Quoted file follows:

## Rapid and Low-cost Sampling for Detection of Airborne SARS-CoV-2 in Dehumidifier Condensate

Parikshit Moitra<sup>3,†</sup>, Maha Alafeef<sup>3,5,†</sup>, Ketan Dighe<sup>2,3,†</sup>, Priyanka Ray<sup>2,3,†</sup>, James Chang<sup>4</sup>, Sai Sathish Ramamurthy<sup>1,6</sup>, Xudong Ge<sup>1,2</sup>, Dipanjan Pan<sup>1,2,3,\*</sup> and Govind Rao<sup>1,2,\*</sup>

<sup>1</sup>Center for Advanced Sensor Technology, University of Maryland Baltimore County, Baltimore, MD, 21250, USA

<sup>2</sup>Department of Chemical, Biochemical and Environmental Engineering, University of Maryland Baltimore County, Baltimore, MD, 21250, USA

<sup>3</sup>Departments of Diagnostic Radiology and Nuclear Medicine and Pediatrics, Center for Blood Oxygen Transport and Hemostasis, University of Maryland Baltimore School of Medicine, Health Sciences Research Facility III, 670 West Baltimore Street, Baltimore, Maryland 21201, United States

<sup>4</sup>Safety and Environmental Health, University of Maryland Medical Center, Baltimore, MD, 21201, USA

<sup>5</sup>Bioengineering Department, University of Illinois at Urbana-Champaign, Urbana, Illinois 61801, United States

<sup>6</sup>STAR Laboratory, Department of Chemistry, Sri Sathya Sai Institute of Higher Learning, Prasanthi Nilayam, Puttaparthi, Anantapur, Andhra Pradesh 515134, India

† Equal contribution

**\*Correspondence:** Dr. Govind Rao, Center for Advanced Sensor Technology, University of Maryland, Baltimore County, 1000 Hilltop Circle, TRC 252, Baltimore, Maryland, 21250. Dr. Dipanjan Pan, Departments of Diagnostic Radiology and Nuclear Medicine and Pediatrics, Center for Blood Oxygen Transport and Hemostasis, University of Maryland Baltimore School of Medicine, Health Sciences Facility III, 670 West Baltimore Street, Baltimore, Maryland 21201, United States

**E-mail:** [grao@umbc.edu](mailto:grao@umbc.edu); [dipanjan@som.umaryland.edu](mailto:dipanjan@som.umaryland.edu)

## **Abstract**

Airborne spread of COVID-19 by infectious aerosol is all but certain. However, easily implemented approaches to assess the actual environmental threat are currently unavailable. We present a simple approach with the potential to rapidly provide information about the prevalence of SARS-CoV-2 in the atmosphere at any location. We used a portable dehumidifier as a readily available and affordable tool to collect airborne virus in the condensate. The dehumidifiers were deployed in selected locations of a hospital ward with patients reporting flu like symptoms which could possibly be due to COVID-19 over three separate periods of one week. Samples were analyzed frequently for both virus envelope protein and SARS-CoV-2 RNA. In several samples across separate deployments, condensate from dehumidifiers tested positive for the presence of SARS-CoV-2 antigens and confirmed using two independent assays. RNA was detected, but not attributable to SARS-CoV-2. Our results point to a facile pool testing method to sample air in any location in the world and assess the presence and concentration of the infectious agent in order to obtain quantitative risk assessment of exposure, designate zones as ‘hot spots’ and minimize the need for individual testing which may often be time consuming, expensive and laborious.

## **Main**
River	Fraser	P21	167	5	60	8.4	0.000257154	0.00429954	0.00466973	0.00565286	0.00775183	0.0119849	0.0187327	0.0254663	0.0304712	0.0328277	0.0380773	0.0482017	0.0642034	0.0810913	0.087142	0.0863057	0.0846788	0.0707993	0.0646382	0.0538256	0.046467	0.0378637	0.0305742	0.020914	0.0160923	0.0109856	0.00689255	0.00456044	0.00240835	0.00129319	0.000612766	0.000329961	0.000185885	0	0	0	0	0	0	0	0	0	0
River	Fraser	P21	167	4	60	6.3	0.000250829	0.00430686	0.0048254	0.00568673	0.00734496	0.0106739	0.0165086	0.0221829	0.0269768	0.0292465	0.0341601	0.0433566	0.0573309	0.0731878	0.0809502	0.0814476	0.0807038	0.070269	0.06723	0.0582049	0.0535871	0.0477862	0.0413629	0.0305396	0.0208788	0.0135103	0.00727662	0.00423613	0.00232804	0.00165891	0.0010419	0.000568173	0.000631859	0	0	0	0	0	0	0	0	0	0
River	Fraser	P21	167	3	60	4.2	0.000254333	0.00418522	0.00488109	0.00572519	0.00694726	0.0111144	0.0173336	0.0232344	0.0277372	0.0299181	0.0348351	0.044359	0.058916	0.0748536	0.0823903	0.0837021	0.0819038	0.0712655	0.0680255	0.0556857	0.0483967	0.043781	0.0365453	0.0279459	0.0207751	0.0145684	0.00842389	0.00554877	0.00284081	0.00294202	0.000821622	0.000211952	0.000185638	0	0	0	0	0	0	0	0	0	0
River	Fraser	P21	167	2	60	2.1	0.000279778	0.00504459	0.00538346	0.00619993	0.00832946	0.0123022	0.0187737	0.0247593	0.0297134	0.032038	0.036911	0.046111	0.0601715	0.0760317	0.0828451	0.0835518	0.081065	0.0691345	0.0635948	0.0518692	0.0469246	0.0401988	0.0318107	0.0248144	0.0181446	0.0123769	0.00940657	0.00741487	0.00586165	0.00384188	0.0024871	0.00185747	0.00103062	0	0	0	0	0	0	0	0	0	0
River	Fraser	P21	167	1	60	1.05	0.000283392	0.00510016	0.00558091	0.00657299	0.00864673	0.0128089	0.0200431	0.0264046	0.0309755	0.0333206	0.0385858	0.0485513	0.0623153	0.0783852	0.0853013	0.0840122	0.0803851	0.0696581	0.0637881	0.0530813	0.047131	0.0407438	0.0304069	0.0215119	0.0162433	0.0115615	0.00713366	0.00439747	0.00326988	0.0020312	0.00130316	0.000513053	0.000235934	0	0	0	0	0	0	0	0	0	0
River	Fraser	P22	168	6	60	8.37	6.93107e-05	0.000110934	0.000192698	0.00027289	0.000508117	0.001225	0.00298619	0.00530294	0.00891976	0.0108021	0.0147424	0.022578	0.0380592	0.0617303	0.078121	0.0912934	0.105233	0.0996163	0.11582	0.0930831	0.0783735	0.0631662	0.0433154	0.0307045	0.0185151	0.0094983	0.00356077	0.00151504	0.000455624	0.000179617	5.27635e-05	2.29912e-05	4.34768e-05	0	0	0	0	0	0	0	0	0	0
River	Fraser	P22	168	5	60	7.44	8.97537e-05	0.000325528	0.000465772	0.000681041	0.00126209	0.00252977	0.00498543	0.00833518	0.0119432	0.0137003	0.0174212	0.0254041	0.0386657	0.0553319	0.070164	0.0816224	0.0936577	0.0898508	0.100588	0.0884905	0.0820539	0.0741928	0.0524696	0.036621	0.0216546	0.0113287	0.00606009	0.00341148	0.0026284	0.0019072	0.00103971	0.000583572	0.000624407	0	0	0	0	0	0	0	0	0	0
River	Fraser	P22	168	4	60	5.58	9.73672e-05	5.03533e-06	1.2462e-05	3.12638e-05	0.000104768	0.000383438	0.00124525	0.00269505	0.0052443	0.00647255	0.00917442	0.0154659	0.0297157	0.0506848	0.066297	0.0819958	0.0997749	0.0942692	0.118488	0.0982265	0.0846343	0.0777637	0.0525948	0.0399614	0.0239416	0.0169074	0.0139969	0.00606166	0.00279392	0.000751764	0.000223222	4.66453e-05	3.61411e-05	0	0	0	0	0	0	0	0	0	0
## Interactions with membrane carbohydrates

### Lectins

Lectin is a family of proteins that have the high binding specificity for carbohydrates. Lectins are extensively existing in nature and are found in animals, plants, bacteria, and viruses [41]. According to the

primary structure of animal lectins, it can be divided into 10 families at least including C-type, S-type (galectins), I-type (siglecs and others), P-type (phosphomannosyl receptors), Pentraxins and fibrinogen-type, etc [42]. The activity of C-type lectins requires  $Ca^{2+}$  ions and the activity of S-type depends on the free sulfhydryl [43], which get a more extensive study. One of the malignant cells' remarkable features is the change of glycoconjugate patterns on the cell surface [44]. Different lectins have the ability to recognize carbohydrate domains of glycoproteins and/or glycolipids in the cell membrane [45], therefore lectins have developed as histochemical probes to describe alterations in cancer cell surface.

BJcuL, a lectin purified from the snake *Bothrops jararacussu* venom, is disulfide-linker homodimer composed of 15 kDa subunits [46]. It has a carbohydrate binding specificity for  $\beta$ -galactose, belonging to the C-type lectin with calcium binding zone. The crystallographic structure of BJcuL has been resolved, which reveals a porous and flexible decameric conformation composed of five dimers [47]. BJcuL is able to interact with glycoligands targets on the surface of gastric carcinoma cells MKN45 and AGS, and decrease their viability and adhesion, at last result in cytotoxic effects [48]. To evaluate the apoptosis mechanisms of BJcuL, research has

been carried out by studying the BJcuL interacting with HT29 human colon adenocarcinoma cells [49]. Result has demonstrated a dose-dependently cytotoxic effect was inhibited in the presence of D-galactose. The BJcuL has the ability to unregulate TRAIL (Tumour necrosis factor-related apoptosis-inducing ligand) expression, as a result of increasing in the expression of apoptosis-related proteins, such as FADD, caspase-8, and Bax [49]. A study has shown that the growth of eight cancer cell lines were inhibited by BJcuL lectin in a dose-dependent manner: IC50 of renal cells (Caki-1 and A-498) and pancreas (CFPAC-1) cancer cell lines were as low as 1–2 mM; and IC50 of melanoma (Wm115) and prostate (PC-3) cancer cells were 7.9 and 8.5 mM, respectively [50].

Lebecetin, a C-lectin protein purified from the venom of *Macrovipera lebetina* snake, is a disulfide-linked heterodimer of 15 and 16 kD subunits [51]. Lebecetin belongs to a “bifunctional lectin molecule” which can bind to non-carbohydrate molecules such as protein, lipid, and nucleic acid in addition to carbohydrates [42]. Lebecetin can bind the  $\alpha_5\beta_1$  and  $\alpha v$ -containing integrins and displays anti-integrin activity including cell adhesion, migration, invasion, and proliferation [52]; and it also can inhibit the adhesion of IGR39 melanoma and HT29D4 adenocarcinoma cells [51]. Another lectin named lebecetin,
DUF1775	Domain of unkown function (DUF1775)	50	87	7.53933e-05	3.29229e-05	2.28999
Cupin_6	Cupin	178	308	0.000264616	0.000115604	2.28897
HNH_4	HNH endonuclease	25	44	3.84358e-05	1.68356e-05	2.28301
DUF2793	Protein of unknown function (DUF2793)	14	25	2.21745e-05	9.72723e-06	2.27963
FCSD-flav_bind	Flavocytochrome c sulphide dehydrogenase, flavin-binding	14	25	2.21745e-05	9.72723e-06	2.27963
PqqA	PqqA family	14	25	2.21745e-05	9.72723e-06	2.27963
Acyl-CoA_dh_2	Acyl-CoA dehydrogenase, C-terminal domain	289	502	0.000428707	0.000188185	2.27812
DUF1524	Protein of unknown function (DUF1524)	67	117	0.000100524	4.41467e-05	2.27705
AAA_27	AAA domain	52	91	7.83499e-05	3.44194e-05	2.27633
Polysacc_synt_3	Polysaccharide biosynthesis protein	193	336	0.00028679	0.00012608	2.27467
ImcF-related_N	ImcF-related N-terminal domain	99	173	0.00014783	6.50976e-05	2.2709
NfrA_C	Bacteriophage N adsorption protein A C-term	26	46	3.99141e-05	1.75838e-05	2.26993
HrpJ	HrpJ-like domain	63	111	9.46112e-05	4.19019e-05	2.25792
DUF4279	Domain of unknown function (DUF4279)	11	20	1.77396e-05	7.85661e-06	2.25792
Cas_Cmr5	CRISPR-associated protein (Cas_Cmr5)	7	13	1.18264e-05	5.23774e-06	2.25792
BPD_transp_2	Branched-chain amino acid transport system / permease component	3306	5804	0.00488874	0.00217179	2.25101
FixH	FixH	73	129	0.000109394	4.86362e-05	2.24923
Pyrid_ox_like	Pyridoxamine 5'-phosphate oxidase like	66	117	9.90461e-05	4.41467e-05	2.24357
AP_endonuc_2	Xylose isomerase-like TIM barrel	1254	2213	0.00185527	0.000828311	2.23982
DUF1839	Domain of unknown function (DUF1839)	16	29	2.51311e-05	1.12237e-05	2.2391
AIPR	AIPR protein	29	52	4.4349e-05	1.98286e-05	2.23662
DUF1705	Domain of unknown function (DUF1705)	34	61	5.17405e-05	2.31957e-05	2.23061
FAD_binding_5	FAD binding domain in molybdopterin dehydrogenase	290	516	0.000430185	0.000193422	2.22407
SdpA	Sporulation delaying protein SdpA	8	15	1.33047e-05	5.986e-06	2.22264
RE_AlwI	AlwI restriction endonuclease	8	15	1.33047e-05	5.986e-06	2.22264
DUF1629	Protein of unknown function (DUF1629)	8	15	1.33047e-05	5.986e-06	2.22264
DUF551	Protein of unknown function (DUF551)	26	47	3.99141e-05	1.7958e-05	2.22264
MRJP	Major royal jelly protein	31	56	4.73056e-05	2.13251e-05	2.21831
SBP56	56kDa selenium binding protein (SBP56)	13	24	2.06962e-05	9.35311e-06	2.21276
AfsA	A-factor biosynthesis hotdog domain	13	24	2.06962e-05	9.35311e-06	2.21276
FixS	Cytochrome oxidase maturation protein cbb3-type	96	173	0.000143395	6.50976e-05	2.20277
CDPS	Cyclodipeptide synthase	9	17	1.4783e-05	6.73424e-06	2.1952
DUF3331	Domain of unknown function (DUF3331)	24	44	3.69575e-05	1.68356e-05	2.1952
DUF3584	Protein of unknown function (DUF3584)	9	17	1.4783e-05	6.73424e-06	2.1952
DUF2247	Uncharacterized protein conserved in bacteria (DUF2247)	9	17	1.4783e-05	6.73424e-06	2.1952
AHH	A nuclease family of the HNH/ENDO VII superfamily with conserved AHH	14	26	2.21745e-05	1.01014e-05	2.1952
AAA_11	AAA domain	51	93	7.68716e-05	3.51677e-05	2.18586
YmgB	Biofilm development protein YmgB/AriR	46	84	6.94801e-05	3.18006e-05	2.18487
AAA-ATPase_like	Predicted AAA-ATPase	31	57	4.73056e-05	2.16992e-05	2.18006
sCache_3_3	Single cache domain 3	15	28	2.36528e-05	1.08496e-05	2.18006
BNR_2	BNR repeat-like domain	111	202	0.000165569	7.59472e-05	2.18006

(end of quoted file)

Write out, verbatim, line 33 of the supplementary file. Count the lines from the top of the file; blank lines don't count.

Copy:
DUF2793	Protein of unknown function (DUF2793)	14	25	2.21745e-05	9.72723e-06	2.27963